Of what are you afraid? It might be snakes, bankruptcy or things that go bump in the night. Whatever you name, it's ultimately a fear of death and her little sisters, pain and diminishment.
Not only that, but most of our nastiness comes from that same dread. Even before we can begin to articulate what we feel, we're acting out of those fears: If you have a toy, I want it, and having it will make me important, or at least more important than you.
|Fifth Sunday of Easter|
John 13:31-33a, 34-35
Fear of mortality looms as the decisive delimiting factor of human life, and we'll find it at the root of innumerable evil actions -- all misguided efforts at self-preservation. Just look at Genesis, where Adam used blame and lying to preserve his reputation, where murder was Cain's attempt to keep Abel from besting him. Subconsciously, we tend to interpret every threat as a hint of death, and our every resulting malicious action attempts to thwart that perceived threat.
Fear of death is the trap from which Jesus wanted to free humanity. That's why in today's Gospel he could speak of his upcoming passion not as suffering or shame, but as his glorification.
In the perspective of John's Gospel, the triumph of the cross happened at the moment the dying Jesus proclaimed, "It is completed." That was the moment of his final victory, the consummation of his faith that God's love is greater than death. Thus, Jesus could say, "God will glorify him at once."
Jesus was free from fear of death because he believed in who he was as Son of the Father. He was free to face death, pain and shame because he knew they could never define him. He had to die to fully reveal that truth about himself and God.
Theologian Sandra Schneiders explains, "John's Resurrection Narrative is not about Jesus' vindication after his shameful death. It is about where and how his disciples … will encounter Jesus as their Lord and God" (Jesus Risen in Our Midst, Liturgical Press, 2013).
That is precisely why at the Last Supper Jesus combined the explanation of his imminent glory with the command that his disciples love as he did. If the world is to know him and his glory, it will only be through those who share his freedom and live in his love (John 15:10).
Jesus called this a "new commandment." In fact, it really is different from the command to love our neighbor or our enemy.
This command is not focused on the stranger but on our Christian brothers and sisters. This is a command to live in relationships of mutual love, relationships that give witness to the love of the Trinity, relationships that make God's loving visible in the world, relationships like those sacramentalized in marriage.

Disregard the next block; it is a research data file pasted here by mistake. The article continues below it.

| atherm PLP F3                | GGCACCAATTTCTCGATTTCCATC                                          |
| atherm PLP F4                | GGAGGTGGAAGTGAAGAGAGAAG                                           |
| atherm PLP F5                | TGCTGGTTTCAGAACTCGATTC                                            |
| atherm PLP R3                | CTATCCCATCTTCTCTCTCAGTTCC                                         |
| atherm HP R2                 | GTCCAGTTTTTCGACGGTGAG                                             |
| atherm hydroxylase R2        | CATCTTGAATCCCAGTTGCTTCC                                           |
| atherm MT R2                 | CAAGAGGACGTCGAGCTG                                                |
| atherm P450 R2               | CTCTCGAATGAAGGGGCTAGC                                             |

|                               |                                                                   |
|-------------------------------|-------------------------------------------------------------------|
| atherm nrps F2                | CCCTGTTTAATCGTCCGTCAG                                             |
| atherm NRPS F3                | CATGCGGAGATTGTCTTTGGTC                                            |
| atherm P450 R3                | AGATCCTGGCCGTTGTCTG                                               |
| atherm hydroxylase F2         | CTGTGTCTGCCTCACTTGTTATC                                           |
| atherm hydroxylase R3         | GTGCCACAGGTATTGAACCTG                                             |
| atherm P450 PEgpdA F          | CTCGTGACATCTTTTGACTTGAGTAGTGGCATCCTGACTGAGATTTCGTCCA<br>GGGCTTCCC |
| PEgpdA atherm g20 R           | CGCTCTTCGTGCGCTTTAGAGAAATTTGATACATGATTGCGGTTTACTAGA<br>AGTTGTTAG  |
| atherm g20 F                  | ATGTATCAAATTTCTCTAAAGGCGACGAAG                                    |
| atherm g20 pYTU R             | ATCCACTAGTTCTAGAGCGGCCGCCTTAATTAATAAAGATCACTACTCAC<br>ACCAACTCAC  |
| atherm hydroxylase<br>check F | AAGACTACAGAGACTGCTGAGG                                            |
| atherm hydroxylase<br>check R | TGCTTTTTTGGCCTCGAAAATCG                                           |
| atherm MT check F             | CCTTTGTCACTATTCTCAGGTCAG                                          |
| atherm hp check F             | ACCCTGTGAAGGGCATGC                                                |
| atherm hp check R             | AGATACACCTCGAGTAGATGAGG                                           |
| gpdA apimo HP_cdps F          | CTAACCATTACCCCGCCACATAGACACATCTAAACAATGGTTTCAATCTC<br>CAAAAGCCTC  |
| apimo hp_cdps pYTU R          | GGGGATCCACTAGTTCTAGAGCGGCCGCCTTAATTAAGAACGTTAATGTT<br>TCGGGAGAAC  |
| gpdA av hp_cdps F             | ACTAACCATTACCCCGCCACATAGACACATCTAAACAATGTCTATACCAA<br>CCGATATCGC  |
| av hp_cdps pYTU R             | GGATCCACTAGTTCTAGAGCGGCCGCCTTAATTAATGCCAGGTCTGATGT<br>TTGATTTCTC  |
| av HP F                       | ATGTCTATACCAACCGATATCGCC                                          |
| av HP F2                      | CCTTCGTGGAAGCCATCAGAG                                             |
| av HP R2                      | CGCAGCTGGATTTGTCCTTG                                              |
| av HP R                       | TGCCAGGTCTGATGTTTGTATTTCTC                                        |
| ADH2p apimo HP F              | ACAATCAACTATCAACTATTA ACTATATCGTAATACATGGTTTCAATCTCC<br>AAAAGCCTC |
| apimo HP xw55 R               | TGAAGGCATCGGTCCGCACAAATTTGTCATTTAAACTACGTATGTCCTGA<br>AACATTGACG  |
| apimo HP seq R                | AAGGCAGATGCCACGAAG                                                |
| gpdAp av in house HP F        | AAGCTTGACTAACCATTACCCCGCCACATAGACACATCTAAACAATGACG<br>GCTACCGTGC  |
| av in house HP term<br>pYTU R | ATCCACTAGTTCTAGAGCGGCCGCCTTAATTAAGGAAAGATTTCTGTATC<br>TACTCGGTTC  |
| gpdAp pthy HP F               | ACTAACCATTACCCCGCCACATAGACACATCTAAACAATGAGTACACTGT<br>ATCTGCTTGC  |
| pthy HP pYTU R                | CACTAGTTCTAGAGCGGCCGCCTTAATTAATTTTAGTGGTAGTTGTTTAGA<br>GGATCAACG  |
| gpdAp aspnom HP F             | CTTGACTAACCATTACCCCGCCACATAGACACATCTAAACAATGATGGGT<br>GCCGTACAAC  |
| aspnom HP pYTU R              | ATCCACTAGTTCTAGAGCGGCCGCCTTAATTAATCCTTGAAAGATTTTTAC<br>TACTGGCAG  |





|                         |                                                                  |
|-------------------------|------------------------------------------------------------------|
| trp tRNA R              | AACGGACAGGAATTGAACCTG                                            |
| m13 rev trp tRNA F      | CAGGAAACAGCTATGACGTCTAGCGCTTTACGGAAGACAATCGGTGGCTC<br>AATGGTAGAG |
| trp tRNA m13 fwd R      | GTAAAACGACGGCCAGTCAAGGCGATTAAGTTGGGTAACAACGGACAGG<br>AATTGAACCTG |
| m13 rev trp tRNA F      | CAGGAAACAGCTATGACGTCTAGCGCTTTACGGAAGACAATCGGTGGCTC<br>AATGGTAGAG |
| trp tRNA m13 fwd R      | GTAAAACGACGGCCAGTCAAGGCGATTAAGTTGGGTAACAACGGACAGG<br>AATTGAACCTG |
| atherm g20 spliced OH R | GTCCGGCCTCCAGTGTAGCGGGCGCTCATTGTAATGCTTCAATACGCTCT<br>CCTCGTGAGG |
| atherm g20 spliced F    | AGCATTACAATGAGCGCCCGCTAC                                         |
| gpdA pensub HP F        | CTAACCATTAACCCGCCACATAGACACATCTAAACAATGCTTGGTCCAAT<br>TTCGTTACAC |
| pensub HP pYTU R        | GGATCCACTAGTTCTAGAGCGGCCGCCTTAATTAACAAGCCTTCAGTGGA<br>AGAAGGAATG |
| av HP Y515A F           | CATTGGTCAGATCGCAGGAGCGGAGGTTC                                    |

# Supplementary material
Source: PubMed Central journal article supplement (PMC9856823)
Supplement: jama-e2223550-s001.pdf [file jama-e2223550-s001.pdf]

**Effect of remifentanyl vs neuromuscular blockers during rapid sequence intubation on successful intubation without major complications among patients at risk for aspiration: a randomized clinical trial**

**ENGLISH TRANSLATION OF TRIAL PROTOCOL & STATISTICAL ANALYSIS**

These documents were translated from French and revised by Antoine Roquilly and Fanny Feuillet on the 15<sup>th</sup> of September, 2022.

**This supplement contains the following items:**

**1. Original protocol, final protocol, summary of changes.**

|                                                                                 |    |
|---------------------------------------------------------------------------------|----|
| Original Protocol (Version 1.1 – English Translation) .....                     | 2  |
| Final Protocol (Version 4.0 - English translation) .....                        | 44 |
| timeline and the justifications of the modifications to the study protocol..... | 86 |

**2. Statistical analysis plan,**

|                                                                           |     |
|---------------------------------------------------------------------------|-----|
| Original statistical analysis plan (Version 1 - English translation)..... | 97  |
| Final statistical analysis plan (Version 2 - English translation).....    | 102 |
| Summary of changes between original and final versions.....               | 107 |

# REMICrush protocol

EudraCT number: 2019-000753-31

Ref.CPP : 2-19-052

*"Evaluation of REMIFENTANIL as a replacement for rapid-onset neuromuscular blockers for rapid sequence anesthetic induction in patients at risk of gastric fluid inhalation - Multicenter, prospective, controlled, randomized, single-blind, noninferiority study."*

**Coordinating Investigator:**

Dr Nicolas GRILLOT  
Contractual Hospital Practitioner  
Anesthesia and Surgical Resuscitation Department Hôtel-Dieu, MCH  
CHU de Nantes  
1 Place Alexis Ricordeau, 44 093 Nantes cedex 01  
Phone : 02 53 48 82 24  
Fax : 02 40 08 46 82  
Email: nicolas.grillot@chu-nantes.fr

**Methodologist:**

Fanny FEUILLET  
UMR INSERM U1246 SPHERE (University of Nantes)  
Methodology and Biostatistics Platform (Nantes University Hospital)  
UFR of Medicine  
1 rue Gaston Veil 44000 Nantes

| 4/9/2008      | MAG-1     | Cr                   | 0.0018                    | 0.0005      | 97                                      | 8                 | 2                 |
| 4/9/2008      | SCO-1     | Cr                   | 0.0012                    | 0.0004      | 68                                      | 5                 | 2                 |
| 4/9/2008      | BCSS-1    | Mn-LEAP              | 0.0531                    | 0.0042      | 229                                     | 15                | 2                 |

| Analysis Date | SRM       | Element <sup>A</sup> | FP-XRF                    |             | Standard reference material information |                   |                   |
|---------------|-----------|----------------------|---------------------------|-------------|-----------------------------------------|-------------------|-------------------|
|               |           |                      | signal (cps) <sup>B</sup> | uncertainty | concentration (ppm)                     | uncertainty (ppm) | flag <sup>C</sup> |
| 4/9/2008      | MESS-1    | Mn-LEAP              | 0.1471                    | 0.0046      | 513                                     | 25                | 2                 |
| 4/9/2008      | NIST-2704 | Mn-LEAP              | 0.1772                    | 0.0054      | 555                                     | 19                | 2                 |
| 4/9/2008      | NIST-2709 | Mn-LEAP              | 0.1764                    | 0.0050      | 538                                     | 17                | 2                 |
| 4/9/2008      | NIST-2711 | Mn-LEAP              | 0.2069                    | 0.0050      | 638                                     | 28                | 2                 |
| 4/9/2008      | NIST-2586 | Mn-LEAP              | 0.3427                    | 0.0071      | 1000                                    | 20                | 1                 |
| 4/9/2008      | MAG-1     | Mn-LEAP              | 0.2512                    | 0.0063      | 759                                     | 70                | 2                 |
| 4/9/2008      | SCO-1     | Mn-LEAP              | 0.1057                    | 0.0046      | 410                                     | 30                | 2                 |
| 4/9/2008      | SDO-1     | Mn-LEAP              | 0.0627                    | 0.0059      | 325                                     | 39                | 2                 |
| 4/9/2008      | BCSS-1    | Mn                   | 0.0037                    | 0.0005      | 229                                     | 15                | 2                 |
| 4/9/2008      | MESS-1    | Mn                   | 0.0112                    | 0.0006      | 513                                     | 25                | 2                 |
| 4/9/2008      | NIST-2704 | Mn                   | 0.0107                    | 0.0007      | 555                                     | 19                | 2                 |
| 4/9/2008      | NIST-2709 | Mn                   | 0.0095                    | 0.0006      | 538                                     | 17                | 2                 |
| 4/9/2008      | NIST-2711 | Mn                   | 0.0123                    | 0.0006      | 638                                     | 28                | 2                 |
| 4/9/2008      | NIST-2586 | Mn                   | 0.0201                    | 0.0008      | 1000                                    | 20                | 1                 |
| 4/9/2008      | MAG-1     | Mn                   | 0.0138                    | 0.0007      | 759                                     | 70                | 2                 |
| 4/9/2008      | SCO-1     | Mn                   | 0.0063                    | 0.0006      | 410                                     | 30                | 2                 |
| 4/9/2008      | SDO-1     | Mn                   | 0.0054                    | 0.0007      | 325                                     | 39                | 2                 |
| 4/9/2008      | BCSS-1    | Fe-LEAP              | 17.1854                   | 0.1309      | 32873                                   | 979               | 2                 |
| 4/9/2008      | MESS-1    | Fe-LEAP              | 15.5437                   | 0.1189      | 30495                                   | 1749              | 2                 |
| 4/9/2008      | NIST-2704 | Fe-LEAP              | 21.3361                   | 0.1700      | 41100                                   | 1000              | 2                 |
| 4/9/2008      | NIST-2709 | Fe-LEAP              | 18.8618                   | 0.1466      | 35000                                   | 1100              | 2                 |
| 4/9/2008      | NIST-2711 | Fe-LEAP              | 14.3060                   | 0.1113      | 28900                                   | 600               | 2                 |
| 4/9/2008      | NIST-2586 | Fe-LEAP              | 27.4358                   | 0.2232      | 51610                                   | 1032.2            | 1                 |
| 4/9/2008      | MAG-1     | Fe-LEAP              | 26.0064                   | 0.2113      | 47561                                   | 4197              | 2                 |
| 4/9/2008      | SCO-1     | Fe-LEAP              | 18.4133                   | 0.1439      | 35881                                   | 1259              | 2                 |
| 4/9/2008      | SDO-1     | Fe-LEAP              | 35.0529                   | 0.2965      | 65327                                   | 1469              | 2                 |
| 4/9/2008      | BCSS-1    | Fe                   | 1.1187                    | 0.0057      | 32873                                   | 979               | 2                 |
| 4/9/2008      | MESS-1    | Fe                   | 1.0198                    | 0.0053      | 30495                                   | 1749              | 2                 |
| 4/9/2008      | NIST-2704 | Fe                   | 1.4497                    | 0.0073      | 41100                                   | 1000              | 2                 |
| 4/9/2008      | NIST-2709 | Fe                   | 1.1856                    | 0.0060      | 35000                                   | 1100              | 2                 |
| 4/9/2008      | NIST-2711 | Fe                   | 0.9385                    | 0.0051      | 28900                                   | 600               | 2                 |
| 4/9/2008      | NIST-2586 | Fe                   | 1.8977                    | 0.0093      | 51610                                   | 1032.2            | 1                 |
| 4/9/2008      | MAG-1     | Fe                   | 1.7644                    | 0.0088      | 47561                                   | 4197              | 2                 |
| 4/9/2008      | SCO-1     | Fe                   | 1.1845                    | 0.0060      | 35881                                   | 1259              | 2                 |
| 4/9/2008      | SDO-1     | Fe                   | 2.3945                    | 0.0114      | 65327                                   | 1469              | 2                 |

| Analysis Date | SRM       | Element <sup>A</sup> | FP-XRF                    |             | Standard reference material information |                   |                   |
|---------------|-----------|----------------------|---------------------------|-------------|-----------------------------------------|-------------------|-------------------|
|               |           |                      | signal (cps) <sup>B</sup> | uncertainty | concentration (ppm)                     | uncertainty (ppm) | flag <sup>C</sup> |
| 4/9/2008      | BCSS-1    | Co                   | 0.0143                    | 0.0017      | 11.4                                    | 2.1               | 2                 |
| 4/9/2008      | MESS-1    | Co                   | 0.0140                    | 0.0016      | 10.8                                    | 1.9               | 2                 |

This commandment is "new" also because unlike the "two greatest commandments," it does not refer directly to love of God but rather to human love in communities empowered by God's love. It is faith in God's love that frees the members of such communities to love without measure. Theirs is the love that transforms people and can eventually transform their whole world.
The early Christian community strove to embody that love just as we do. In the readings of these Easter weeks, we hear of their life together and their dreams. In this week's reading from Acts, we hear about the missionary work of Paul and Barnabas. They saw their task as one of encouraging and strengthening the spirits of their communities, reassuring them that suffering was inevitable and was ultimately a part of the mystery of sharing Christ's glory, a truth so counterintuitive that theory was insufficient. It had to be experienced to be believed.
The reading from Revelation, like last week's, offers the invitation to dream, to contemplate the future God has in store for all of creation. This is apocalyptic literature at its best as it nourishes our imagination and spurs us toward a future that will come about only because God dwells in our midst.
As we continue to celebrate the Easter season, our readings are both brutally realistic and beautifully inspirational as they invite us to share in Christ's glory. They challenge us individually and as communities to follow Jesus in taking a leap of faith in God's undying love for us.
Sharing the faith of Jesus will free us to live in his love to such a degree that our families and communities will be signs of his presence. We will become people who, as Paul says, glory in the freedom of the children of God. We will learn to act as people who have nothing at all to fear.
[Mary M. McGlone is a Sister of St. Joseph of Carondelet. She is a freelance writer and executive director of FUVIRESE USA.]